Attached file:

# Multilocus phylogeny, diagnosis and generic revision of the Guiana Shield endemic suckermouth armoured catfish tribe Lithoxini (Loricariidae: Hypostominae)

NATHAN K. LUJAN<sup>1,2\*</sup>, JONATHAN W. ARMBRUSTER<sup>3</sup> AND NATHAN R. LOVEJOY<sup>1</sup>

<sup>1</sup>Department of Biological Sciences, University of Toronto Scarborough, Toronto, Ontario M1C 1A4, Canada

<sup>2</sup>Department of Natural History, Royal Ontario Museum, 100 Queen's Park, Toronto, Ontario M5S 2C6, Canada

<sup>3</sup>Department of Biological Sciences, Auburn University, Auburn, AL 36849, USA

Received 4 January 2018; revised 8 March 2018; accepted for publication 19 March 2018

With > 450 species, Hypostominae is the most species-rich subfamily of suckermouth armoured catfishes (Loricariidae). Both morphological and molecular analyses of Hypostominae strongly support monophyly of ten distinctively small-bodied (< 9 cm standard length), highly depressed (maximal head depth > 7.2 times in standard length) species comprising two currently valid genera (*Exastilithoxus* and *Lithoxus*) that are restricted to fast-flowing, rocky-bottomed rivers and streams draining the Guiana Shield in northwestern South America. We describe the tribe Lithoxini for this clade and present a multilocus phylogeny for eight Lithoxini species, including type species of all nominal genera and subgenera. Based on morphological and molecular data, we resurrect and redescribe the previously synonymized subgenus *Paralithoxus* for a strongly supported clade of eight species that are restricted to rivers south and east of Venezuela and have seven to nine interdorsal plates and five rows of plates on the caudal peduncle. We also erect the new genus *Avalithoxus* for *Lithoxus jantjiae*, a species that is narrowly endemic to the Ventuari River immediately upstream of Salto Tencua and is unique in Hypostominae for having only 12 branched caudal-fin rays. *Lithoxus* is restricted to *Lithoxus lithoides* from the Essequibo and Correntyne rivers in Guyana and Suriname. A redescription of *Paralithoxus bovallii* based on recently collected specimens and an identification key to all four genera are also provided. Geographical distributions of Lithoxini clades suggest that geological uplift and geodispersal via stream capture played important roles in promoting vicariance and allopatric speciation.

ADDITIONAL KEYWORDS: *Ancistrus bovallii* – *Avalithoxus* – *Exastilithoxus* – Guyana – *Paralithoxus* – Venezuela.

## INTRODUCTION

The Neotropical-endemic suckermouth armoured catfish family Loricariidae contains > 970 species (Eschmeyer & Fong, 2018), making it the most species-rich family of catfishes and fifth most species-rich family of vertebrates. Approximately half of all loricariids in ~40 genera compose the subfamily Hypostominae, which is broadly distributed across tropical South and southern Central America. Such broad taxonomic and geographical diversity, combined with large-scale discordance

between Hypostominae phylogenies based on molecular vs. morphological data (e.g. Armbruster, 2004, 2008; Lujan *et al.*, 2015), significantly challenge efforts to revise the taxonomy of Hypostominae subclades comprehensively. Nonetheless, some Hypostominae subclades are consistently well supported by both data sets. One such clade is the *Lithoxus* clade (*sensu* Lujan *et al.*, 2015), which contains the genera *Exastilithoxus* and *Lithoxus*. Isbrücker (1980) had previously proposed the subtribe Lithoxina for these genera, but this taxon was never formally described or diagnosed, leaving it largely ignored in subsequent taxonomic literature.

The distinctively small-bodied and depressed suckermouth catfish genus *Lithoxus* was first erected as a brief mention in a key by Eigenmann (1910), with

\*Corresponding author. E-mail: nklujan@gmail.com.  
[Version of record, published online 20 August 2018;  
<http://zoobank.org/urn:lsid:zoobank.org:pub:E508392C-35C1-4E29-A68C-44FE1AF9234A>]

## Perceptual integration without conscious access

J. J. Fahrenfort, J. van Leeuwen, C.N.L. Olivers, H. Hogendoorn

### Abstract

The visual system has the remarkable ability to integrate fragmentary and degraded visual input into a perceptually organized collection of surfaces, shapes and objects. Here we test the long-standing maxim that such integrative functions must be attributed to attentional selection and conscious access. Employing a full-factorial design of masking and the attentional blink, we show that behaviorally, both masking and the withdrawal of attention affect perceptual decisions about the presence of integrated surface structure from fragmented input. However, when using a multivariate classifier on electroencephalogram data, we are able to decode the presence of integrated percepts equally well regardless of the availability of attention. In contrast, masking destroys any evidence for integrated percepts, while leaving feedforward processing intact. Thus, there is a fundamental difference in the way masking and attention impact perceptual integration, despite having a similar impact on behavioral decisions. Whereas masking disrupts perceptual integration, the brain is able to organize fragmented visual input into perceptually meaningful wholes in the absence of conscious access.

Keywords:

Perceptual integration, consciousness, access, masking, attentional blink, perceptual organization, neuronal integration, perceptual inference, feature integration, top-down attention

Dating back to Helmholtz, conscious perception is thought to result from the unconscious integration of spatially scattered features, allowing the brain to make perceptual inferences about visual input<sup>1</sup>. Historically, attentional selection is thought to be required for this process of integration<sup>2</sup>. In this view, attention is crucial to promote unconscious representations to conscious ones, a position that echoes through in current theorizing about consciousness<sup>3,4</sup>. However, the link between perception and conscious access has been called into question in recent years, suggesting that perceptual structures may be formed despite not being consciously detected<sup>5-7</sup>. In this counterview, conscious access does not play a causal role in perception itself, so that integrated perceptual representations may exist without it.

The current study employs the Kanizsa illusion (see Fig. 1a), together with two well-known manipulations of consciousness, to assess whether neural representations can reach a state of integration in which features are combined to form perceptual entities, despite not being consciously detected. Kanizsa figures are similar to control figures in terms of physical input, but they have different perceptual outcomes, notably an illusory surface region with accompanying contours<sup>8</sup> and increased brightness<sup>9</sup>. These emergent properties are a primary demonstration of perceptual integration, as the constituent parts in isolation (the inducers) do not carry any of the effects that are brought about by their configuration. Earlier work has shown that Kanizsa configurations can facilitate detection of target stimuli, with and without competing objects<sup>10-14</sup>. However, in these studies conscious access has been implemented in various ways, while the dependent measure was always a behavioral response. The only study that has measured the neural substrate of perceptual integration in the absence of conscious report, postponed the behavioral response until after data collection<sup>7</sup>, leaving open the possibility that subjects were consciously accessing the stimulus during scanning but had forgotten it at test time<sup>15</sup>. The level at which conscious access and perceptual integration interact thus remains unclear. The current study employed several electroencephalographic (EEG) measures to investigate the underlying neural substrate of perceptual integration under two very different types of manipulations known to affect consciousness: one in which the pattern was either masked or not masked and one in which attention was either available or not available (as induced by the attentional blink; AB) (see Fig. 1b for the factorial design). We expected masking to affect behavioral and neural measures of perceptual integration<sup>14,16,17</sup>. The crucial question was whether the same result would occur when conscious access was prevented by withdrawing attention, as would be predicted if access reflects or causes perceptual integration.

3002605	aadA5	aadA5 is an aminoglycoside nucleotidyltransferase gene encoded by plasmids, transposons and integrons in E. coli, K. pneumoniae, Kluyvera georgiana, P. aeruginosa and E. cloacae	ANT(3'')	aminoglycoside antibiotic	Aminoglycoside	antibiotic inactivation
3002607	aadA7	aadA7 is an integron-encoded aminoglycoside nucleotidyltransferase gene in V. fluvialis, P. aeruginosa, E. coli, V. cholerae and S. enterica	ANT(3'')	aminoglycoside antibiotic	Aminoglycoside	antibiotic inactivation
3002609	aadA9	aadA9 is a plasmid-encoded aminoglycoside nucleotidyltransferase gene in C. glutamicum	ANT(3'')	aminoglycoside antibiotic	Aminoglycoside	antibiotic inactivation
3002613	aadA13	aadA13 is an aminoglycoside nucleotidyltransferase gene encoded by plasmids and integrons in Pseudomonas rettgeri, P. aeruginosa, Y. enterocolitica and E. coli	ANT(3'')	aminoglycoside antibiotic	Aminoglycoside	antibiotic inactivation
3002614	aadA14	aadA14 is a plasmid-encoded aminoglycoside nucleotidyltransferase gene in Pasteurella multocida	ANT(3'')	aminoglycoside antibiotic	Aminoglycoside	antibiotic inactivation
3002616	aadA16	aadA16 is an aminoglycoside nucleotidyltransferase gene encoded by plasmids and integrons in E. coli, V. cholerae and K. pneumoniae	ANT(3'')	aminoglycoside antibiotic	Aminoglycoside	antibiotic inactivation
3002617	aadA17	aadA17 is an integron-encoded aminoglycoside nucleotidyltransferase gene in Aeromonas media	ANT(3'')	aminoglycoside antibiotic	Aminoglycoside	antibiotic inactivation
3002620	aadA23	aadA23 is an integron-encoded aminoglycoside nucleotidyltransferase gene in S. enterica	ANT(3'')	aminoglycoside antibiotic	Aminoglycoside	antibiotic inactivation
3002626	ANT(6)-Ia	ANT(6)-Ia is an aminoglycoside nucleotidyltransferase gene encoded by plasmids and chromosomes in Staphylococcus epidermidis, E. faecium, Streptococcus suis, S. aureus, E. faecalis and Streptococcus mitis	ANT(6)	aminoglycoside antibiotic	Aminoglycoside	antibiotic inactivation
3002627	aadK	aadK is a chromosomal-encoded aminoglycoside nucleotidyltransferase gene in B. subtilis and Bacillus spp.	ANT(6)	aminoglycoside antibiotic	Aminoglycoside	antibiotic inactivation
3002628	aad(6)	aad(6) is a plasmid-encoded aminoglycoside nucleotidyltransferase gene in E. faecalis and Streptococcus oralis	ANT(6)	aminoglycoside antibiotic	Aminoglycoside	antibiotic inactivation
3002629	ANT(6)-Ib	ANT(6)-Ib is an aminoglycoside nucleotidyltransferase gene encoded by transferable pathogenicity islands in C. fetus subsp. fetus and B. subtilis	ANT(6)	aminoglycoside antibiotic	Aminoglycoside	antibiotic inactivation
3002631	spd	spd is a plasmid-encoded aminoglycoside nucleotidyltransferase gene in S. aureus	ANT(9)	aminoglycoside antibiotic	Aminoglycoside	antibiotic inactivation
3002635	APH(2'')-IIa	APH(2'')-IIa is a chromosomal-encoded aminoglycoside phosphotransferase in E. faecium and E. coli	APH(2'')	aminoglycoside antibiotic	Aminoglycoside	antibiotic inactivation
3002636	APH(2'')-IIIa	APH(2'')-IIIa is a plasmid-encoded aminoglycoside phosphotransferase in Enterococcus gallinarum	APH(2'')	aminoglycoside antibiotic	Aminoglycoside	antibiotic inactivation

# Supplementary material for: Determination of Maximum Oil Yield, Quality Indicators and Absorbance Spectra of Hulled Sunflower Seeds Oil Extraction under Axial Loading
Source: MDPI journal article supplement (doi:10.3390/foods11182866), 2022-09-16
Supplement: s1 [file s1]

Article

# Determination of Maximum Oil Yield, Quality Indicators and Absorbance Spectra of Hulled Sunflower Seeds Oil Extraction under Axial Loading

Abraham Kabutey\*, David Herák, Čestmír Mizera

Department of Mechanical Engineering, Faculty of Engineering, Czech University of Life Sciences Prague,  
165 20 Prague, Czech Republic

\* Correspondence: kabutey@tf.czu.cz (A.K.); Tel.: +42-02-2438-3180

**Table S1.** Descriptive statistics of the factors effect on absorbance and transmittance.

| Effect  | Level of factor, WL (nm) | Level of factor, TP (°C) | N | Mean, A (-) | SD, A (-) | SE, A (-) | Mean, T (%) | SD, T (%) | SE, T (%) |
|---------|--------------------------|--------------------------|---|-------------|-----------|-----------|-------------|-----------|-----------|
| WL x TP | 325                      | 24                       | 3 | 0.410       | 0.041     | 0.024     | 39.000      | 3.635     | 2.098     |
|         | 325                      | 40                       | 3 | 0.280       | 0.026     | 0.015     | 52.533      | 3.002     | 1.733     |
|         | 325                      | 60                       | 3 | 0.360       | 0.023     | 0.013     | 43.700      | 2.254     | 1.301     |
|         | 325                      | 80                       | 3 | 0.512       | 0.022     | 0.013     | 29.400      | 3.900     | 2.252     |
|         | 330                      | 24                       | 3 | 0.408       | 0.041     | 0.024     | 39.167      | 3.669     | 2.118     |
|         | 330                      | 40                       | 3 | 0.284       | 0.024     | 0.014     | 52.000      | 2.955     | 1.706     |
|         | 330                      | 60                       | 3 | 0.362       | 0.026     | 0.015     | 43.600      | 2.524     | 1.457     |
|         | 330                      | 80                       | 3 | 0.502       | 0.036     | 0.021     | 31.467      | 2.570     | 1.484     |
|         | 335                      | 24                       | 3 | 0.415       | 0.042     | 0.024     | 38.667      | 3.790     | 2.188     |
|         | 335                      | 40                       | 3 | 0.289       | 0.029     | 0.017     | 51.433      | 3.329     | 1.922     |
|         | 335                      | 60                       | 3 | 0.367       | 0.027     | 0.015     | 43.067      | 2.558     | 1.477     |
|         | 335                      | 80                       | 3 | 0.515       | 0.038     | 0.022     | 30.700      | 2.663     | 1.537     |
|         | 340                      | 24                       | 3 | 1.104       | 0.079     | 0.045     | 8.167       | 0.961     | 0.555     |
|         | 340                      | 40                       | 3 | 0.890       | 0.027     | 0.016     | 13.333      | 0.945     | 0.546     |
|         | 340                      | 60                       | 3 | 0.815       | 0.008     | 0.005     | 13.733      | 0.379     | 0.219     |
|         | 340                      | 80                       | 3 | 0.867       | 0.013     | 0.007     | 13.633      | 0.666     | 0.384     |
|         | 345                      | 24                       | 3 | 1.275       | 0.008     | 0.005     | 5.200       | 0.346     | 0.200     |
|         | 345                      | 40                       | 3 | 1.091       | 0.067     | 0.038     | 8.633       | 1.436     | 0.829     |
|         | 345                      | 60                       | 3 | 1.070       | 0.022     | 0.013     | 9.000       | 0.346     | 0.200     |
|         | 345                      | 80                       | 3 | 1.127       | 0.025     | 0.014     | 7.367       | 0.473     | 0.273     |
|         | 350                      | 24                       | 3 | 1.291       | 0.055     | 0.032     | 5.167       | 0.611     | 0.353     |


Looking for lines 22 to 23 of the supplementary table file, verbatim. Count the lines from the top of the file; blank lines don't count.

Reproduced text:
Dating back to Helmholtz, conscious perception is thought to result from the unconscious integration of spatially scattered features, allowing the brain to make perceptual inferences about visual input<sup>1</sup>. Historically, attentional selection is thought to be required for this process of integration<sup>2</sup>. In this view, attention is crucial to promote unconscious representations to conscious ones, a position that echoes through in current theorizing about consciousness<sup>3,4</sup>. However, the link between perception and conscious access has been called into question in recent years, suggesting that perceptual structures may be formed despite not being consciously detected<sup>5-7</sup>. In this counterview, conscious access does not play a causal role in perception itself, so that integrated perceptual representations may exist without it.

The current study employs the Kanizsa illusion (see Fig. 1a), together with two well-known manipulations of consciousness, to assess whether neural representations can reach a state of integration in which features are combined to form perceptual entities, despite not being consciously detected. Kanizsa figures are similar to control figures in terms of physical input, but they have different perceptual outcomes, notably an illusory surface region with accompanying contours<sup>8</sup> and increased brightness<sup>9</sup>. These emergent properties are a primary demonstration of perceptual integration, as the constituent parts in isolation (the inducers) do not carry any of the effects that are brought about by their configuration. Earlier work has shown that Kanizsa configurations can facilitate detection of target stimuli, with and without competing objects<sup>10-14</sup>. However, in these studies conscious access has been implemented in various ways, while the dependent measure was always a behavioral response. The only study that has measured the neural substrate of perceptual integration in the absence of conscious report, postponed the behavioral response until after data collection<sup>7</sup>, leaving open the possibility that subjects were consciously accessing the stimulus during scanning but had forgotten it at test time<sup>15</sup>. The level at which conscious access and perceptual integration interact thus remains unclear. The current study employed several electroencephalographic (EEG) measures to investigate the underlying neural substrate of perceptual integration under two very different types of manipulations known to affect consciousness: one in which the pattern was either masked or not masked and one in which attention was either available or not available (as induced by the attentional blink; AB) (see Fig. 1b for the factorial design). We expected masking to affect behavioral and neural measures of perceptual integration<sup>14,16,17</sup>. The crucial question was whether the same result would occur when conscious access was prevented by withdrawing attention, as would be predicted if access reflects or causes perceptual integration.